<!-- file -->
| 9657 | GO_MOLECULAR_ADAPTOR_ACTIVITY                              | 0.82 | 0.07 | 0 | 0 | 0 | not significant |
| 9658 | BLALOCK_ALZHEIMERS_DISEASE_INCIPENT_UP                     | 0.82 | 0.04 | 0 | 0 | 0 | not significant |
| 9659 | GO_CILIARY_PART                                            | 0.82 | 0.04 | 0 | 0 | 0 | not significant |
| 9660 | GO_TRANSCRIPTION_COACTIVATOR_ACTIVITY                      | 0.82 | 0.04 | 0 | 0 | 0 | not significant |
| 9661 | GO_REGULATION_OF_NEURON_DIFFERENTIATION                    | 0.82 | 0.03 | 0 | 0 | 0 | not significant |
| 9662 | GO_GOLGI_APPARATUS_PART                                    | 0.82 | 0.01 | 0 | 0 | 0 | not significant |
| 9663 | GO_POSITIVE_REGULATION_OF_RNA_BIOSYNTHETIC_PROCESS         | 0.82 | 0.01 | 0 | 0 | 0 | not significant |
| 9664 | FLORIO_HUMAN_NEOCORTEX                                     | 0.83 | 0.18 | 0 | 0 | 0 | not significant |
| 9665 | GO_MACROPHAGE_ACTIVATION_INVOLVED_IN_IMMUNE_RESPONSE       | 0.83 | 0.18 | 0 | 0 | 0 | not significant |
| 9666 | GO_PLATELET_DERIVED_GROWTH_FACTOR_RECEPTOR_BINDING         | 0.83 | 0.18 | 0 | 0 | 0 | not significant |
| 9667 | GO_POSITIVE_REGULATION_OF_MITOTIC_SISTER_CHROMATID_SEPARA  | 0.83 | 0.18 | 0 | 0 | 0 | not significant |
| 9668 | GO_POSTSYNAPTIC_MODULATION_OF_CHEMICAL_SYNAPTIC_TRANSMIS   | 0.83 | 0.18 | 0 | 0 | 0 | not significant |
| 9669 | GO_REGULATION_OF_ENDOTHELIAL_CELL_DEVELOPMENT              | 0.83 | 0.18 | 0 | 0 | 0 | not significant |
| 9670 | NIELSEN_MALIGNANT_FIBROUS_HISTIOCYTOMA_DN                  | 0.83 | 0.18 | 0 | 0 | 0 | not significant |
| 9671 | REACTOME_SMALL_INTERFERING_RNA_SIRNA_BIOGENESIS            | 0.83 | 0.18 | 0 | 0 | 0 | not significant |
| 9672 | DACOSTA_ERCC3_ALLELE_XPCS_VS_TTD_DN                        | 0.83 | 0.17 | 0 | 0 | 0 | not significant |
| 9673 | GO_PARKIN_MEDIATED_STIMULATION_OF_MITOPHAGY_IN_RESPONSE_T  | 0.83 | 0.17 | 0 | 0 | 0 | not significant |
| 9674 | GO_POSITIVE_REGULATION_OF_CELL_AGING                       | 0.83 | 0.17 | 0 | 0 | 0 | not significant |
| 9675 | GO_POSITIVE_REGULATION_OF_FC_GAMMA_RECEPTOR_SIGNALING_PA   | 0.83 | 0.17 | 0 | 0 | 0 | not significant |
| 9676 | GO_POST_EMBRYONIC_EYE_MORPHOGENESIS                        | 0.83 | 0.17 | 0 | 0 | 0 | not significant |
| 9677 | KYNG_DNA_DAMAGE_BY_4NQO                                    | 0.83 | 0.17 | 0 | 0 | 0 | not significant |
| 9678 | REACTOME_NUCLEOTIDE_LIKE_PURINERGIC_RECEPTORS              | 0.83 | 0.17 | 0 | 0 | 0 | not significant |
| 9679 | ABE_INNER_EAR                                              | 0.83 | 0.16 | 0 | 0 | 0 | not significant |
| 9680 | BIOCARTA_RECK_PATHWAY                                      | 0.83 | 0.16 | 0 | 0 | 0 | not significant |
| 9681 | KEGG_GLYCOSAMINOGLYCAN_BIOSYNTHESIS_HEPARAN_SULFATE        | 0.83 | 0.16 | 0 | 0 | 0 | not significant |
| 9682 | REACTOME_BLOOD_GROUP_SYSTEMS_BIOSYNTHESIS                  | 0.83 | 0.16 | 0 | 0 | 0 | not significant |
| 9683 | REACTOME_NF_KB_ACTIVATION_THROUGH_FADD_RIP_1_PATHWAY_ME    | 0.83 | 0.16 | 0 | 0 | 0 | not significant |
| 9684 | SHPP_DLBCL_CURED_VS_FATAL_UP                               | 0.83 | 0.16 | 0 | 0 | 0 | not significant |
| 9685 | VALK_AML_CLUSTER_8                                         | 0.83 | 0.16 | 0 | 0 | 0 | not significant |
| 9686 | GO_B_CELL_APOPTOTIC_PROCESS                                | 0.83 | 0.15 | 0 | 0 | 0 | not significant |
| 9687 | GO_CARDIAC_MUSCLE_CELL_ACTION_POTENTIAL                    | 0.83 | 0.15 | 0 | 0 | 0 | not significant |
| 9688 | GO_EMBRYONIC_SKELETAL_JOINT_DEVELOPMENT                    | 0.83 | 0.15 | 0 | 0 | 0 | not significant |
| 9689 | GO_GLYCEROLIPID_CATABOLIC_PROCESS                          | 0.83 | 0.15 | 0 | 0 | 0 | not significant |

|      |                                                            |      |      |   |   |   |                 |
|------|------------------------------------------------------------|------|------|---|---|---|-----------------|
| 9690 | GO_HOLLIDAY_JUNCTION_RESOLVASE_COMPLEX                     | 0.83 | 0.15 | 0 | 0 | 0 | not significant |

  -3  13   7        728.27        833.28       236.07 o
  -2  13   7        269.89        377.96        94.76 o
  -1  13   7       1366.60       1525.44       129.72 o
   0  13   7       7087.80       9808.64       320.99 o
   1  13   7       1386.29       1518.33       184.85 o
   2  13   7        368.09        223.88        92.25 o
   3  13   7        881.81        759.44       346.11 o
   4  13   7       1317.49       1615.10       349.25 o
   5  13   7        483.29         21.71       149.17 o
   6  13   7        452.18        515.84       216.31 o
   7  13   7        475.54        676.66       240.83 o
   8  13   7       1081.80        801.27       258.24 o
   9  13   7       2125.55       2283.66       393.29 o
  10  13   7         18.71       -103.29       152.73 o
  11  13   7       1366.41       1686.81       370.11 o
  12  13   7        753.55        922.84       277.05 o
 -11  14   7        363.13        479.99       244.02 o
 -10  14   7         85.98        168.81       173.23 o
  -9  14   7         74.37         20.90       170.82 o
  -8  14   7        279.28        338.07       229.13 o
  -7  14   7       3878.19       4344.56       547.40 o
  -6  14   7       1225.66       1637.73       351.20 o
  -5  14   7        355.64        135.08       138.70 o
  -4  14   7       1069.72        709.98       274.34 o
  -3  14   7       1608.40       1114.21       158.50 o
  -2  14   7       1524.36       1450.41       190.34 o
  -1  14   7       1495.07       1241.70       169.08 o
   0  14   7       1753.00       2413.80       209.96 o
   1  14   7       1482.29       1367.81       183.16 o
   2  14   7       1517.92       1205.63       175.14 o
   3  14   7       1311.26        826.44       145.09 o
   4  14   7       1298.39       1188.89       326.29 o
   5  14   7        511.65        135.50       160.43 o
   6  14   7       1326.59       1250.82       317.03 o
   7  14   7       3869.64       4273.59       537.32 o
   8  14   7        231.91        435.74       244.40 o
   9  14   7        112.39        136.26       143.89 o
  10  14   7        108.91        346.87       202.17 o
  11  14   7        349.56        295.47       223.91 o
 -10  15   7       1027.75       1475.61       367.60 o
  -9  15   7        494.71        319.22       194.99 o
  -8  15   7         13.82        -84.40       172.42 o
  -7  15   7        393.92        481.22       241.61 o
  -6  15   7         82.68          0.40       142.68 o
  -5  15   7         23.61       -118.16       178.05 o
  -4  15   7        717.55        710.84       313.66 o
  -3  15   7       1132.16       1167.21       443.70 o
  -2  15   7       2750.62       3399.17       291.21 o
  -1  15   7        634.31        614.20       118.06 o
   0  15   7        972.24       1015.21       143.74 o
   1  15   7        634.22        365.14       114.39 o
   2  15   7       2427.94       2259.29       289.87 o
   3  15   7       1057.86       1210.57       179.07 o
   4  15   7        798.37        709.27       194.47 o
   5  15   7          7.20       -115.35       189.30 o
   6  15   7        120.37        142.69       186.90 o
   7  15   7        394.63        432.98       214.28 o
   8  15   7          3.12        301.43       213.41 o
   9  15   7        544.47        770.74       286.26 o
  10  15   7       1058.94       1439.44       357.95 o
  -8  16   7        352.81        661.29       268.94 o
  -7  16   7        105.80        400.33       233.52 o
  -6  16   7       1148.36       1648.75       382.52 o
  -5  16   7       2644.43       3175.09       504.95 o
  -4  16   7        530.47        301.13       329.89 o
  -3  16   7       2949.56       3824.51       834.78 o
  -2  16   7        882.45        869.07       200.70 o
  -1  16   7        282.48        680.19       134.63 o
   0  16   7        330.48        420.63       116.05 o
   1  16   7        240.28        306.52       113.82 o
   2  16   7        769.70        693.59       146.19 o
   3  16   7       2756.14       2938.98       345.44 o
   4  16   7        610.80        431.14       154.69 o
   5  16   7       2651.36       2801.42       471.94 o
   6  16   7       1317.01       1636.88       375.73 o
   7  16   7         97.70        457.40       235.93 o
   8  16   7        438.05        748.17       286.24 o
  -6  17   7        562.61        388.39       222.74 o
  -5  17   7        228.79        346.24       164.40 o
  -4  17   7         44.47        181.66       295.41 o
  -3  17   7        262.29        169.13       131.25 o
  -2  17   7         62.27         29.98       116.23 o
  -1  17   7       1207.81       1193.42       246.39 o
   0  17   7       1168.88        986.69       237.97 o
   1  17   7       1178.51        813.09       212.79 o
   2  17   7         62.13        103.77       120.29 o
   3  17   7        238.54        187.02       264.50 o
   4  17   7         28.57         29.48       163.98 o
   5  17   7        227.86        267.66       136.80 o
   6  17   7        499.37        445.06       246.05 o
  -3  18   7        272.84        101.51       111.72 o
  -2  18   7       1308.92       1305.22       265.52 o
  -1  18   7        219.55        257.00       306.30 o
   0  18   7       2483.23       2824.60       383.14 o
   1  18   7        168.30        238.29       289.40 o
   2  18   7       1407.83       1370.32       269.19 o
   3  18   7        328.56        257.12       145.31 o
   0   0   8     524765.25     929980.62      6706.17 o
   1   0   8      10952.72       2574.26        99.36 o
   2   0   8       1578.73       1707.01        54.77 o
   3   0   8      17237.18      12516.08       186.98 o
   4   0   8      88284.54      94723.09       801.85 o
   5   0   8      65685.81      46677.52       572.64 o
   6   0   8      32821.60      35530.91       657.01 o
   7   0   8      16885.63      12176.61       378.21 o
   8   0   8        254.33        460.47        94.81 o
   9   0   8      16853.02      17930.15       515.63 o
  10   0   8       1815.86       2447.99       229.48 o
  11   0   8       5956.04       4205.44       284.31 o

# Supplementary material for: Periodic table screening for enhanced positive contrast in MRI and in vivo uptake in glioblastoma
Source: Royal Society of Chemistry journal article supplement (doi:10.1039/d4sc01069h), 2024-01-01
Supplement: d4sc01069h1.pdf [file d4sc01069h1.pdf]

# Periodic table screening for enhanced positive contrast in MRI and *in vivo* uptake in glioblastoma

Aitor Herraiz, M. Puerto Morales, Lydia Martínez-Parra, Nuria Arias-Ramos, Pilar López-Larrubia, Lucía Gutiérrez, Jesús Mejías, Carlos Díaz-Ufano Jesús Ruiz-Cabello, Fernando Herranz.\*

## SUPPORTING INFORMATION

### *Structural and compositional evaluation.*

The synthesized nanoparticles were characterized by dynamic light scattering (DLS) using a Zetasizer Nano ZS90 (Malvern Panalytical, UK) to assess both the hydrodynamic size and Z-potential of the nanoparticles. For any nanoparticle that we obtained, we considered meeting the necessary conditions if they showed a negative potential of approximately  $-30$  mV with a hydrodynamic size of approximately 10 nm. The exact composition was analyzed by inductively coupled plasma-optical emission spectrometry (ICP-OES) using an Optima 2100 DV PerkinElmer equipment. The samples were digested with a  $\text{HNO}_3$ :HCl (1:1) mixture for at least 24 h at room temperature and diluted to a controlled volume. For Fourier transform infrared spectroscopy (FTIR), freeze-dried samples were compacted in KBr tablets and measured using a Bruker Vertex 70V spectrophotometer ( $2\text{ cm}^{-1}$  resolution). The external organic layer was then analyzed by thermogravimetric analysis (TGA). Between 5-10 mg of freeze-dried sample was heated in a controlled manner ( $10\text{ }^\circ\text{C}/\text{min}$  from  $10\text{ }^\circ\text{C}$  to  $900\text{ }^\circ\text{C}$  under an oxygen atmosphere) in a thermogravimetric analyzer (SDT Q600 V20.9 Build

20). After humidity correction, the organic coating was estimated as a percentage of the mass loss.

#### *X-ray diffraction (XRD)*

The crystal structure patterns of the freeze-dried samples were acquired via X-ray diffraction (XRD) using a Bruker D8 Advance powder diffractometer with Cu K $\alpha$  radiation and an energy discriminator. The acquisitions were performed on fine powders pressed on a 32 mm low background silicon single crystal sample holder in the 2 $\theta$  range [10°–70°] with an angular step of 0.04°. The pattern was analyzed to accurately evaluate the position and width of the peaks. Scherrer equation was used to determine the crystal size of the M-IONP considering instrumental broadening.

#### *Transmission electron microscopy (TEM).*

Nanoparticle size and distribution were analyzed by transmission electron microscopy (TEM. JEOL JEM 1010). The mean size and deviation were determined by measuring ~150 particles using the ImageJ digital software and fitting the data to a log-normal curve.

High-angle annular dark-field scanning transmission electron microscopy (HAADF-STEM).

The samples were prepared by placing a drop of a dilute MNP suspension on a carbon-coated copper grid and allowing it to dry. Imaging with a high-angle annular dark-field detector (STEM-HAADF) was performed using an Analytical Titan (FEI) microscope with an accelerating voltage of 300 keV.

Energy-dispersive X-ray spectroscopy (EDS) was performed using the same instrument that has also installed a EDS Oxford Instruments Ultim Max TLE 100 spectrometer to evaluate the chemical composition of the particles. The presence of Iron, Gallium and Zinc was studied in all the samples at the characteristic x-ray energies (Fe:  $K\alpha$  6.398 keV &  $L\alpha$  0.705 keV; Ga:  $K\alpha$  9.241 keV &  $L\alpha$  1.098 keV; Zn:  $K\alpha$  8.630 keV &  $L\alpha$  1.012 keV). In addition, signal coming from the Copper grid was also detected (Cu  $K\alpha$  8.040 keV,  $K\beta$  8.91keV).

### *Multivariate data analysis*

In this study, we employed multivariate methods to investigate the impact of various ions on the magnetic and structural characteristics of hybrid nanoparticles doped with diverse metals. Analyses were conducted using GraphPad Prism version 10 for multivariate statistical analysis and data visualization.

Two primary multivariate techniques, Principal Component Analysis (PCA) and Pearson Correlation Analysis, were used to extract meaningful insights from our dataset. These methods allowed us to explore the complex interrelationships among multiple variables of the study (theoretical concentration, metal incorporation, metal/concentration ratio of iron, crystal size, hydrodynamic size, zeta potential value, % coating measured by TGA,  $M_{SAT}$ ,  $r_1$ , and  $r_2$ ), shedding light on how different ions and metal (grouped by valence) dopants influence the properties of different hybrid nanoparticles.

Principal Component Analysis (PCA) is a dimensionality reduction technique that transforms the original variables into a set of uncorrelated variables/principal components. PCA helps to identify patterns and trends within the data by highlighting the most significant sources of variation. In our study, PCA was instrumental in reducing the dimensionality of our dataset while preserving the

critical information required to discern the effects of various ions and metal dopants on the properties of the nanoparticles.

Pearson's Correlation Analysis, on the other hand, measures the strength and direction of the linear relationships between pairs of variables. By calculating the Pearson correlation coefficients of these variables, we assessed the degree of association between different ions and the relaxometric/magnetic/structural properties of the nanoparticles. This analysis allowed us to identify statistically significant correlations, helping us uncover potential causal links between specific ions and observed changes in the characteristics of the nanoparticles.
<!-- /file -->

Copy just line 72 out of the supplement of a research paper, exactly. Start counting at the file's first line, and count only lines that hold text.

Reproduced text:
   8  14   7        231.91        435.74       244.40 o